Veteran's Day, November 11, at the Bardsdale Church

Jamie Arundell Latshaw will be the guest speaker at the Bardsdale United Methodist Women's annual Thanksgiving Dinner on Veteran's Day, November 11, at the Bardsdale Church.

Mrs. Latshaw, a graduate of Fillmore High School and the United States Military Academy at West Point, spent eight years in the Army as a logistics officer and is the CEO and President of her company, Lexicon Inc. Lexicon contracts with the government and private firms to train and educate their employees about the customs and languages of countries where their business is conducted. She is married to Leroy Latshaw, a former Army helicopter pilot, and is the daughter of Jim and Diane Arundell of Fillmore.

The festive meal will be a traditional Thanksgiving fare with all the trimmings and will begin a 12 noon in LeBard Hall. Suggested donation is $12 per person.

The church is located at 1498 Bardsdale Avenue.

 
Send in your vote for the best decorations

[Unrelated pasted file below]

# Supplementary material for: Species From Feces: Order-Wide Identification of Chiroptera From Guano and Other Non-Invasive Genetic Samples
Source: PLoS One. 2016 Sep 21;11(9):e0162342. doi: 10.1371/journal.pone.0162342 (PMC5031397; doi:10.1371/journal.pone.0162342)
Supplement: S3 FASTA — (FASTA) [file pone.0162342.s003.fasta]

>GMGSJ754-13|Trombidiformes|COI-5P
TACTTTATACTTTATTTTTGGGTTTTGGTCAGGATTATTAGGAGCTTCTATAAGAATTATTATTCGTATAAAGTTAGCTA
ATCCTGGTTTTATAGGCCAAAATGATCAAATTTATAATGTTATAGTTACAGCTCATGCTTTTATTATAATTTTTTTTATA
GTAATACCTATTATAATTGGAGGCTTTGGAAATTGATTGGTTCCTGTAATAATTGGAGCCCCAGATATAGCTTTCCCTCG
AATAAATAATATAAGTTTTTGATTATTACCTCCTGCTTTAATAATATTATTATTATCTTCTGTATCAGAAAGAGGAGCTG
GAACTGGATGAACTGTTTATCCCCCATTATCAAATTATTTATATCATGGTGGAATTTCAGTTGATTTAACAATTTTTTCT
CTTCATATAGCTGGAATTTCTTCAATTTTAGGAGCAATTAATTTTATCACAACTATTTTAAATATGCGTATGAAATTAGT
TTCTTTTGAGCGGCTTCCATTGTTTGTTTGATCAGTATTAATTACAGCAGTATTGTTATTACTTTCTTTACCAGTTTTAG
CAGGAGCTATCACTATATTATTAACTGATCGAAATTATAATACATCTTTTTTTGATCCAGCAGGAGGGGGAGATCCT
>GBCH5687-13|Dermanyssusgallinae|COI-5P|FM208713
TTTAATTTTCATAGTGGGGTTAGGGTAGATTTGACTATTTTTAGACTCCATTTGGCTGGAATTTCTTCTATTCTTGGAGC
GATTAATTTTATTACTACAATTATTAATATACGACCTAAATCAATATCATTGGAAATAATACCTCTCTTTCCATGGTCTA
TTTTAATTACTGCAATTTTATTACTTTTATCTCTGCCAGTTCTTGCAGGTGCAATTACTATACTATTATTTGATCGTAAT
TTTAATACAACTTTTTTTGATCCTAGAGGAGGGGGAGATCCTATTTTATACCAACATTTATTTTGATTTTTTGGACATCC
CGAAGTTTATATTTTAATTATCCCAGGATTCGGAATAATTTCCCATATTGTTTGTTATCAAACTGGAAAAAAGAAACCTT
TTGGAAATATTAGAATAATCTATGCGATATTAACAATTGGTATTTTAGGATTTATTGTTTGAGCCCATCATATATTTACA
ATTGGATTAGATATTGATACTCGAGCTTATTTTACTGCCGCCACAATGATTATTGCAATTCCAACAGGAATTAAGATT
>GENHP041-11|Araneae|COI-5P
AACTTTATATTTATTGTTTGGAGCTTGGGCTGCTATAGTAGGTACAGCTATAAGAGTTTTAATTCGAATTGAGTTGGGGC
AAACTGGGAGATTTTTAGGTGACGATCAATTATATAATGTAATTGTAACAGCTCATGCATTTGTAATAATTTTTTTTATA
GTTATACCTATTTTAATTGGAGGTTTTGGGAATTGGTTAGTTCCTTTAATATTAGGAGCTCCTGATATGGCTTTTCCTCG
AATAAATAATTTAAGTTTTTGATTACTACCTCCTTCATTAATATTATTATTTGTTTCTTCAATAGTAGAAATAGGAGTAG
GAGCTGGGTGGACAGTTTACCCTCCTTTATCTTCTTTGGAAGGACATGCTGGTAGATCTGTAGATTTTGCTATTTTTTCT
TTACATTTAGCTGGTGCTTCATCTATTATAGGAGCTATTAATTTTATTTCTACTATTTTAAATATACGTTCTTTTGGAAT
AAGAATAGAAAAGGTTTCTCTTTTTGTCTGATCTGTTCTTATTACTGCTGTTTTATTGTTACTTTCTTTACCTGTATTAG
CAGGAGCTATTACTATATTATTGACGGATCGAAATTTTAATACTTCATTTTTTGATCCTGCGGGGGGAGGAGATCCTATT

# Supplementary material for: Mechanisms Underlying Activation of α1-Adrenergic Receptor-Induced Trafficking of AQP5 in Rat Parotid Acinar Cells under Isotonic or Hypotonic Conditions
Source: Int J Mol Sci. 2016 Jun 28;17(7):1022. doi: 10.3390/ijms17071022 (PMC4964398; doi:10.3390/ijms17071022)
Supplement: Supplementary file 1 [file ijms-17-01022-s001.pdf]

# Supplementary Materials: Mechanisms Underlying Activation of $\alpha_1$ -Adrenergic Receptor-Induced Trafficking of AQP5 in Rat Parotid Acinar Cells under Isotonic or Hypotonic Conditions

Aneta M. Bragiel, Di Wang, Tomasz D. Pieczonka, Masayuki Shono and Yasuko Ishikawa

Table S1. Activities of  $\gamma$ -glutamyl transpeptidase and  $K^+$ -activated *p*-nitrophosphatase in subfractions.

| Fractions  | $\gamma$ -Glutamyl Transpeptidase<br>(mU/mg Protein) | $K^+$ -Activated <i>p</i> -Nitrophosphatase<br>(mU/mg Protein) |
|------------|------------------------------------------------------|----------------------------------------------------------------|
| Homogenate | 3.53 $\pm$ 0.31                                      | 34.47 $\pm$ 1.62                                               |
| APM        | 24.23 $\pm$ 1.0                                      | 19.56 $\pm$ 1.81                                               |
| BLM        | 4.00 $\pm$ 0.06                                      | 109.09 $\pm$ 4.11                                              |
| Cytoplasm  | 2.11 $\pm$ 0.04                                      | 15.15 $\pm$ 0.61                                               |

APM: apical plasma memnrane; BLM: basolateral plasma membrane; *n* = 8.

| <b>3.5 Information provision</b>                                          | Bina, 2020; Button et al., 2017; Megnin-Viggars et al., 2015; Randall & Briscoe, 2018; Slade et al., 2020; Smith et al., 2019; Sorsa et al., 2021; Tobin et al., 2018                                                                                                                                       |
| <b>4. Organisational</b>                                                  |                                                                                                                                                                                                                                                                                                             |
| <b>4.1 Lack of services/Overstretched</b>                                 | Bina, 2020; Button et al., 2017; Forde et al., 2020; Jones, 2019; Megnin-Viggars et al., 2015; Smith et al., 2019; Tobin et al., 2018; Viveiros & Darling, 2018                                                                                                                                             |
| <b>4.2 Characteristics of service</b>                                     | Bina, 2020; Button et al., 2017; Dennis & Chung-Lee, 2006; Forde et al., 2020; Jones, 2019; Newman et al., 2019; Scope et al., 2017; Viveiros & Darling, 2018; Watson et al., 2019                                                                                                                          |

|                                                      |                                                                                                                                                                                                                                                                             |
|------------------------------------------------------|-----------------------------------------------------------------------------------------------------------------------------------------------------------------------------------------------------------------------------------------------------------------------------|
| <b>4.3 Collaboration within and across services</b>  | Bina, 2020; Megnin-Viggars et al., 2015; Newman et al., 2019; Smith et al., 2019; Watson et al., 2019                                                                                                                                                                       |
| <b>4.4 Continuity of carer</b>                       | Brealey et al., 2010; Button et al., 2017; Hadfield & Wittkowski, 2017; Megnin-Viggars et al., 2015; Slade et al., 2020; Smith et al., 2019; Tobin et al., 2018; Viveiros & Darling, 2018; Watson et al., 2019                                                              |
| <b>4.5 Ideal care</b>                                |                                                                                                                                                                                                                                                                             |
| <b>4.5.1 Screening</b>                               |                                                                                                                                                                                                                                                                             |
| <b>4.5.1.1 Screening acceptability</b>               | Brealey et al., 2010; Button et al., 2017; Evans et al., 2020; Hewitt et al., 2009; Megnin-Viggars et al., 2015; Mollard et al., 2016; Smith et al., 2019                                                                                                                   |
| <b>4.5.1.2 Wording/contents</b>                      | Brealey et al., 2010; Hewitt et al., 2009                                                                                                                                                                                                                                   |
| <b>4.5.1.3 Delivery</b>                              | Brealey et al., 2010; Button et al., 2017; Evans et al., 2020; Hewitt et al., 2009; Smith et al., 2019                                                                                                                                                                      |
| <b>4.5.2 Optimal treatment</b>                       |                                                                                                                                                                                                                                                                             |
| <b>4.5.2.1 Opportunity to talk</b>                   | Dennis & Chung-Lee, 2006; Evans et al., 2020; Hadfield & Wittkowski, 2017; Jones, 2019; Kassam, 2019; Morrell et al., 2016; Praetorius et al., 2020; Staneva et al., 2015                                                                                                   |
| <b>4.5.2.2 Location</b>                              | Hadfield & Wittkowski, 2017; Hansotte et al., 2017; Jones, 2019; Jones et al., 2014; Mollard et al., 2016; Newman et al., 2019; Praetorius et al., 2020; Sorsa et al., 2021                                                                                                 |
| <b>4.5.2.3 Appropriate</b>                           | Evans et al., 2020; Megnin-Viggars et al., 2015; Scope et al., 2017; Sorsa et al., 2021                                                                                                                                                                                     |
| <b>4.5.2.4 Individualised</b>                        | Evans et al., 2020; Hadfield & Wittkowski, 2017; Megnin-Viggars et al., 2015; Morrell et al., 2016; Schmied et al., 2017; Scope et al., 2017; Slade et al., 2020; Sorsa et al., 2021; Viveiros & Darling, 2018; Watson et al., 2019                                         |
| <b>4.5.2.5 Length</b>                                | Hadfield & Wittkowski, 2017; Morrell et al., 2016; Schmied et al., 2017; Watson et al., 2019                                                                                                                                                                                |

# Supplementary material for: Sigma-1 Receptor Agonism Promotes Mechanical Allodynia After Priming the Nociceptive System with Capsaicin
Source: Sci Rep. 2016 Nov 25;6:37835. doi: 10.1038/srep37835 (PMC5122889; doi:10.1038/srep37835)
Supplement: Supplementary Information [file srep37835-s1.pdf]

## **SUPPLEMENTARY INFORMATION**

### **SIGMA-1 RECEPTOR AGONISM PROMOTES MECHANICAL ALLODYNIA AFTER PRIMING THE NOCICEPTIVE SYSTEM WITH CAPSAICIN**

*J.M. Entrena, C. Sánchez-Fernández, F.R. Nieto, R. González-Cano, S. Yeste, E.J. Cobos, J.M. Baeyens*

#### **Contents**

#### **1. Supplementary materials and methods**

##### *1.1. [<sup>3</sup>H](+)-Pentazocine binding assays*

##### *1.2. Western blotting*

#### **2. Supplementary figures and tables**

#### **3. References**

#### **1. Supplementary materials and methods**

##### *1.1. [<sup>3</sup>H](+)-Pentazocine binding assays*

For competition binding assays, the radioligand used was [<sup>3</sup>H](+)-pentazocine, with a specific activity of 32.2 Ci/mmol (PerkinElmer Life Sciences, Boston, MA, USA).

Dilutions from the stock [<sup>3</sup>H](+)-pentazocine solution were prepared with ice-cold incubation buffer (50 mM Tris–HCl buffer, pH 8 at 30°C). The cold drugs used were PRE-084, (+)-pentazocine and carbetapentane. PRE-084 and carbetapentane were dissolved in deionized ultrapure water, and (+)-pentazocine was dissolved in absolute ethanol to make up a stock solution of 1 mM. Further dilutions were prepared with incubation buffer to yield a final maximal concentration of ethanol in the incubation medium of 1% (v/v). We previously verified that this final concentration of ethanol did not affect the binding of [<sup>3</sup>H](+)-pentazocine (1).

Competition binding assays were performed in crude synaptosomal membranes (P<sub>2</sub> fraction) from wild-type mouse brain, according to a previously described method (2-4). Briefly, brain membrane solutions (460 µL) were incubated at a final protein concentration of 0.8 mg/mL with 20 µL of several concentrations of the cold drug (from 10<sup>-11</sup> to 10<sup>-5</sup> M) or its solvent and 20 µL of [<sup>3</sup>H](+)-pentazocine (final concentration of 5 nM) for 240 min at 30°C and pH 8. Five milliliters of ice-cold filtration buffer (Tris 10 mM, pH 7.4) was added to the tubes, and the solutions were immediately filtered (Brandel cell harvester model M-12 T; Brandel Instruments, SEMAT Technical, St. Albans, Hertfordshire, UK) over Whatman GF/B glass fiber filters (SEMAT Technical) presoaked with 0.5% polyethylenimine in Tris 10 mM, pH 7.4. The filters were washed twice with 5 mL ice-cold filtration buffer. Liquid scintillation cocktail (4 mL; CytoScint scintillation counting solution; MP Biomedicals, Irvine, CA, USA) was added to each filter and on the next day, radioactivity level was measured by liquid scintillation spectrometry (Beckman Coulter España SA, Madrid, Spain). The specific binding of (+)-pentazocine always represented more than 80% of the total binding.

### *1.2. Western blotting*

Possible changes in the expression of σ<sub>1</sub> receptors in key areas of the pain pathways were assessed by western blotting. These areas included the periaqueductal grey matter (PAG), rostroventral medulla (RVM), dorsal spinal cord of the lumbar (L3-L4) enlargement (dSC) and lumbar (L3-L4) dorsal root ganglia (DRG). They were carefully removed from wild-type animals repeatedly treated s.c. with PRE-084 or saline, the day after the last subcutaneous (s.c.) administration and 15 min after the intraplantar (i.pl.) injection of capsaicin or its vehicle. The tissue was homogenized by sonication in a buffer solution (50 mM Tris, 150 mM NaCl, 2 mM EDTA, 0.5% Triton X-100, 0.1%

Vision 2020 Civic Pride Committee will be selecting the best holiday decorated home & yard for their “Yard of the Month” award in December. The winning selection will be made on December 14th, and the community is invited to help in the selection process by sending your suggestion with address to Linda Nunes at lnunes@sidewindercycle.com or by phone to 805-524-3021.

After selecting the award winner, an article in the newspaper will announce the winner and also some addresses worthy of Honorable Mention, so people can drive around to see the special decorations.

The award winner will receive a gift certificate for $25 that has been generously donated by Otto & Sons Nursery.

 

This is the last chance for Thanksgiving Pies from Grad Nite Live, so grab a 2012 senior or call me and order a pie today. $11.00 each - Apple, Pumpkin, Pecan, Lite Apple and Razelberry. You can pick your order up Tuesday the 22nd of November at the Memorial Bldg. from 12 noon to 4PM. Students that sold pies will pick them up at 12 noon so they can distribute them in a timely manner. Need to Call me? 5524-4909 Mrs Chaney

 

E.J. Harrison & Sons Reaches Storm Water Settlement Agreement with the Wishtoyo Foundation and its Ventura Coastkeeper Program to Protect the Santa Clara River and Ventura's Coastal Waters